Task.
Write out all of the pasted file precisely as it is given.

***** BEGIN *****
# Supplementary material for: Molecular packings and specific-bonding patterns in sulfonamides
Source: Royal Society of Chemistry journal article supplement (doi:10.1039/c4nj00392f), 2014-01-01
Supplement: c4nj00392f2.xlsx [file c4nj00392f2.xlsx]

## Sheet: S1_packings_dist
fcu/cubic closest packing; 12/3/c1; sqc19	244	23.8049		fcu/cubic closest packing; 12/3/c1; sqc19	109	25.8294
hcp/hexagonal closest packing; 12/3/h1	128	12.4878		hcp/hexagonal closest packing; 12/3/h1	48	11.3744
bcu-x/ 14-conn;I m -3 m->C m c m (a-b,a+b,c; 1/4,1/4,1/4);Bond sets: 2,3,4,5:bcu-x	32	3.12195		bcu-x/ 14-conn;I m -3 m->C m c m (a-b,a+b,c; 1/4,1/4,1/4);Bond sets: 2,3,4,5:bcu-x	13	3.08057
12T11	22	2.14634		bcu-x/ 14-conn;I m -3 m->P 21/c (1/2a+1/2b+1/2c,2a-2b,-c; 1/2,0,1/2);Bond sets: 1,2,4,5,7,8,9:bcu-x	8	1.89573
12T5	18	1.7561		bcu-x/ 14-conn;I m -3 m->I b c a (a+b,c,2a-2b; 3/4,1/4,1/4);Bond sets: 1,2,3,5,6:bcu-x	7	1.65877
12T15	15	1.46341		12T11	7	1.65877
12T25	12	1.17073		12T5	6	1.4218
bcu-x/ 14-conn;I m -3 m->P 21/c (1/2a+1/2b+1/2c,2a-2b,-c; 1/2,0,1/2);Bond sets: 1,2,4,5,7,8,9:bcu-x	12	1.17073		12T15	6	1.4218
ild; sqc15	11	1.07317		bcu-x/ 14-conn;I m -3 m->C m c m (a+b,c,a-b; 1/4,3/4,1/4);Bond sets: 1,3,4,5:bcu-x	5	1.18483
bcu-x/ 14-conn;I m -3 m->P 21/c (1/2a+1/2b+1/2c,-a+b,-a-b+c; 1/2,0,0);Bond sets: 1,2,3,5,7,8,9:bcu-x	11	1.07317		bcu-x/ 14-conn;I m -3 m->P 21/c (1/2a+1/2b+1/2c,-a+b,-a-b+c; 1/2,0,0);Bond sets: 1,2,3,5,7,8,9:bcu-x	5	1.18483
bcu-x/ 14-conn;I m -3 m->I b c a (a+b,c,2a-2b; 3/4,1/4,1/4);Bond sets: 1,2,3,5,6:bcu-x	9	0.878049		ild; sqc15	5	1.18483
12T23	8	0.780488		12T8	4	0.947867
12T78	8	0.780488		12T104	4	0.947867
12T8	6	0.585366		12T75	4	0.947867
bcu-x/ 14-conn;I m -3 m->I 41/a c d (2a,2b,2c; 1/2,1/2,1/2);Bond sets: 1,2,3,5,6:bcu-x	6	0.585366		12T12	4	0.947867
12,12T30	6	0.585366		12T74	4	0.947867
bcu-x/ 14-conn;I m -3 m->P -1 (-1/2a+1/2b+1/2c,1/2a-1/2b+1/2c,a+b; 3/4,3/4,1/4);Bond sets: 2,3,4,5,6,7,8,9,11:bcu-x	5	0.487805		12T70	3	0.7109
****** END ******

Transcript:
# Supplementary material for: Molecular packings and specific-bonding patterns in sulfonamides
Source: Royal Society of Chemistry journal article supplement (doi:10.1039/c4nj00392f), 2014-01-01
Supplement: c4nj00392f2.xlsx [file c4nj00392f2.xlsx]

## Sheet: S1_packings_dist
fcu/cubic closest packing; 12/3/c1; sqc19	244	23.8049		fcu/cubic closest packing; 12/3/c1; sqc19	109	25.8294
hcp/hexagonal closest packing; 12/3/h1	128	12.4878		hcp/hexagonal closest packing; 12/3/h1	48	11.3744
bcu-x/ 14-conn;I m -3 m->C m c m (a-b,a+b,c; 1/4,1/4,1/4);Bond sets: 2,3,4,5:bcu-x	32	3.12195		bcu-x/ 14-conn;I m -3 m->C m c m (a-b,a+b,c; 1/4,1/4,1/4);Bond sets: 2,3,4,5:bcu-x	13	3.08057
12T11	22	2.14634		bcu-x/ 14-conn;I m -3 m->P 21/c (1/2a+1/2b+1/2c,2a-2b,-c; 1/2,0,1/2);Bond sets: 1,2,4,5,7,8,9:bcu-x	8	1.89573
12T5	18	1.7561		bcu-x/ 14-conn;I m -3 m->I b c a (a+b,c,2a-2b; 3/4,1/4,1/4);Bond sets: 1,2,3,5,6:bcu-x	7	1.65877
12T15	15	1.46341		12T11	7	1.65877
12T25	12	1.17073		12T5	6	1.4218
bcu-x/ 14-conn;I m -3 m->P 21/c (1/2a+1/2b+1/2c,2a-2b,-c; 1/2,0,1/2);Bond sets: 1,2,4,5,7,8,9:bcu-x	12	1.17073		12T15	6	1.4218
ild; sqc15	11	1.07317		bcu-x/ 14-conn;I m -3 m->C m c m (a+b,c,a-b; 1/4,3/4,1/4);Bond sets: 1,3,4,5:bcu-x	5	1.18483
bcu-x/ 14-conn;I m -3 m->P 21/c (1/2a+1/2b+1/2c,-a+b,-a-b+c; 1/2,0,0);Bond sets: 1,2,3,5,7,8,9:bcu-x	11	1.07317		bcu-x/ 14-conn;I m -3 m->P 21/c (1/2a+1/2b+1/2c,-a+b,-a-b+c; 1/2,0,0);Bond sets: 1,2,3,5,7,8,9:bcu-x	5	1.18483
bcu-x/ 14-conn;I m -3 m->I b c a (a+b,c,2a-2b; 3/4,1/4,1/4);Bond sets: 1,2,3,5,6:bcu-x	9	0.878049		ild; sqc15	5	1.18483
12T23	8	0.780488		12T8	4	0.947867
12T78	8	0.780488		12T104	4	0.947867
12T8	6	0.585366		12T75	4	0.947867
bcu-x/ 14-conn;I m -3 m->I 41/a c d (2a,2b,2c; 1/2,1/2,1/2);Bond sets: 1,2,3,5,6:bcu-x	6	0.585366		12T12	4	0.947867
12,12T30	6	0.585366		12T74	4	0.947867
bcu-x/ 14-conn;I m -3 m->P -1 (-1/2a+1/2b+1/2c,1/2a-1/2b+1/2c,a+b; 3/4,3/4,1/4);Bond sets: 2,3,4,5,6,7,8,9,11:bcu-x	5	0.487805		12T70	3	0.7109